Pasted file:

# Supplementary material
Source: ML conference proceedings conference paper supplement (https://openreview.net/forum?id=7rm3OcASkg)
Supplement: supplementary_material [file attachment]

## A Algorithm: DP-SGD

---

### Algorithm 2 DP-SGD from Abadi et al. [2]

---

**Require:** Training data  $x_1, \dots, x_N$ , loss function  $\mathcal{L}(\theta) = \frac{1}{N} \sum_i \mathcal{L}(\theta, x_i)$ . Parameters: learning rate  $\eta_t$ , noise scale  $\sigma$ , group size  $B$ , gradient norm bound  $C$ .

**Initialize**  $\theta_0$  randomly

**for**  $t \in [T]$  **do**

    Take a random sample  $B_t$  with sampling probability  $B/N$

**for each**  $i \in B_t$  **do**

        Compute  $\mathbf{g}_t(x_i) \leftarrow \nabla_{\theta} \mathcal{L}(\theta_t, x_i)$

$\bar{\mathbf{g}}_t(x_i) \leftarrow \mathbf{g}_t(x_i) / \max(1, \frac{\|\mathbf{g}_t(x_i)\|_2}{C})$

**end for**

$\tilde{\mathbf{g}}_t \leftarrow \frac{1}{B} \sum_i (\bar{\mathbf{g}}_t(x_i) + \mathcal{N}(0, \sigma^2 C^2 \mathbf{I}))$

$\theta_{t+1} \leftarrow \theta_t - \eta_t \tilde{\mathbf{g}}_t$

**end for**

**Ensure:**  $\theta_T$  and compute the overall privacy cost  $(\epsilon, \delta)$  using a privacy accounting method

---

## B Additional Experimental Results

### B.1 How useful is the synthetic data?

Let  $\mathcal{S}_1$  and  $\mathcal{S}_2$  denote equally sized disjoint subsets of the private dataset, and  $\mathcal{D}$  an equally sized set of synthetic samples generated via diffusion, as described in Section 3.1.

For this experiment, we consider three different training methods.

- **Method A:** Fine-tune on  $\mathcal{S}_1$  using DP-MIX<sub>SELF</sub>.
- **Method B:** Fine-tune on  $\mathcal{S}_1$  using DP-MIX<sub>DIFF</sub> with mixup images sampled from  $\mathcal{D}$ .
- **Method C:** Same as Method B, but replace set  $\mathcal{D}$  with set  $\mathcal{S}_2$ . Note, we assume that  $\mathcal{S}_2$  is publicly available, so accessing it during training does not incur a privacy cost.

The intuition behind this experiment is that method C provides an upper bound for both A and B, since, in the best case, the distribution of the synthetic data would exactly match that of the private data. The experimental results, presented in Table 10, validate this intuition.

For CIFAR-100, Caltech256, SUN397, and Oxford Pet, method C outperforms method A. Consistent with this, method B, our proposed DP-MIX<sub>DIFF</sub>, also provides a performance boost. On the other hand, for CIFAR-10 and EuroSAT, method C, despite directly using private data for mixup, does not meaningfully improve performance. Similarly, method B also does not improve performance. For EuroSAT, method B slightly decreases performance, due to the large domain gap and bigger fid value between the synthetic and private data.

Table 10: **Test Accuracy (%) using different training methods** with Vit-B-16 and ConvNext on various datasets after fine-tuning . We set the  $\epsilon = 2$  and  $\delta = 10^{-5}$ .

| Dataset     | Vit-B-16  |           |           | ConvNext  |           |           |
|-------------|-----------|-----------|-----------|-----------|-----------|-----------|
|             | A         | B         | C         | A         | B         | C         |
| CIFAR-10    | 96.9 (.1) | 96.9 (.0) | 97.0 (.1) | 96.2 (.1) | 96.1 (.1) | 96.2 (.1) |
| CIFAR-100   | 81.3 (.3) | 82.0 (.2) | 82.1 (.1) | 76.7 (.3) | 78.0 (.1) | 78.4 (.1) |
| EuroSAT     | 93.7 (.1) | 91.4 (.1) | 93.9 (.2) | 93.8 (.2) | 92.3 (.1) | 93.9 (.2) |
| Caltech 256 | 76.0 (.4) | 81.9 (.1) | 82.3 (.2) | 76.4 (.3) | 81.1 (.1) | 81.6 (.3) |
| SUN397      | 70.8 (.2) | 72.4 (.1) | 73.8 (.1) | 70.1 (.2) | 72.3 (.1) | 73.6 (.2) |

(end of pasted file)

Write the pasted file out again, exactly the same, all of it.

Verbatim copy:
# Supplementary material
Source: ML conference proceedings conference paper supplement (https://openreview.net/forum?id=7rm3OcASkg)
Supplement: supplementary_material [file attachment]

## A Algorithm: DP-SGD

---

### Algorithm 2 DP-SGD from Abadi et al. [2]

---

**Require:** Training data  $x_1, \dots, x_N$ , loss function  $\mathcal{L}(\theta) = \frac{1}{N} \sum_i \mathcal{L}(\theta, x_i)$ . Parameters: learning rate  $\eta_t$ , noise scale  $\sigma$ , group size  $B$ , gradient norm bound  $C$ .

**Initialize**  $\theta_0$  randomly

**for**  $t \in [T]$  **do**

    Take a random sample  $B_t$  with sampling probability  $B/N$

**for each**  $i \in B_t$  **do**

        Compute  $\mathbf{g}_t(x_i) \leftarrow \nabla_{\theta} \mathcal{L}(\theta_t, x_i)$

$\bar{\mathbf{g}}_t(x_i) \leftarrow \mathbf{g}_t(x_i) / \max(1, \frac{\|\mathbf{g}_t(x_i)\|_2}{C})$

**end for**

$\tilde{\mathbf{g}}_t \leftarrow \frac{1}{B} \sum_i (\bar{\mathbf{g}}_t(x_i) + \mathcal{N}(0, \sigma^2 C^2 \mathbf{I}))$

$\theta_{t+1} \leftarrow \theta_t - \eta_t \tilde{\mathbf{g}}_t$

**end for**

**Ensure:**  $\theta_T$  and compute the overall privacy cost  $(\epsilon, \delta)$  using a privacy accounting method

---

## B Additional Experimental Results

### B.1 How useful is the synthetic data?

Let  $\mathcal{S}_1$  and  $\mathcal{S}_2$  denote equally sized disjoint subsets of the private dataset, and  $\mathcal{D}$  an equally sized set of synthetic samples generated via diffusion, as described in Section 3.1.

For this experiment, we consider three different training methods.

- **Method A:** Fine-tune on  $\mathcal{S}_1$  using DP-MIX<sub>SELF</sub>.
- **Method B:** Fine-tune on  $\mathcal{S}_1$  using DP-MIX<sub>DIFF</sub> with mixup images sampled from  $\mathcal{D}$ .
- **Method C:** Same as Method B, but replace set  $\mathcal{D}$  with set  $\mathcal{S}_2$ . Note, we assume that  $\mathcal{S}_2$  is publicly available, so accessing it during training does not incur a privacy cost.

The intuition behind this experiment is that method C provides an upper bound for both A and B, since, in the best case, the distribution of the synthetic data would exactly match that of the private data. The experimental results, presented in Table 10, validate this intuition.

For CIFAR-100, Caltech256, SUN397, and Oxford Pet, method C outperforms method A. Consistent with this, method B, our proposed DP-MIX<sub>DIFF</sub>, also provides a performance boost. On the other hand, for CIFAR-10 and EuroSAT, method C, despite directly using private data for mixup, does not meaningfully improve performance. Similarly, method B also does not improve performance. For EuroSAT, method B slightly decreases performance, due to the large domain gap and bigger fid value between the synthetic and private data.

Table 10: **Test Accuracy (%) using different training methods** with Vit-B-16 and ConvNext on various datasets after fine-tuning . We set the  $\epsilon = 2$  and  $\delta = 10^{-5}$ .

| Dataset     | Vit-B-16  |           |           | ConvNext  |           |           |
|-------------|-----------|-----------|-----------|-----------|-----------|-----------|
|             | A         | B         | C         | A         | B         | C         |
| CIFAR-10    | 96.9 (.1) | 96.9 (.0) | 97.0 (.1) | 96.2 (.1) | 96.1 (.1) | 96.2 (.1) |
| CIFAR-100   | 81.3 (.3) | 82.0 (.2) | 82.1 (.1) | 76.7 (.3) | 78.0 (.1) | 78.4 (.1) |
| EuroSAT     | 93.7 (.1) | 91.4 (.1) | 93.9 (.2) | 93.8 (.2) | 92.3 (.1) | 93.9 (.2) |
| Caltech 256 | 76.0 (.4) | 81.9 (.1) | 82.3 (.2) | 76.4 (.3) | 81.1 (.1) | 81.6 (.3) |
| SUN397      | 70.8 (.2) | 72.4 (.1) | 73.8 (.1) | 70.1 (.2) | 72.3 (.1) | 73.6 (.2) |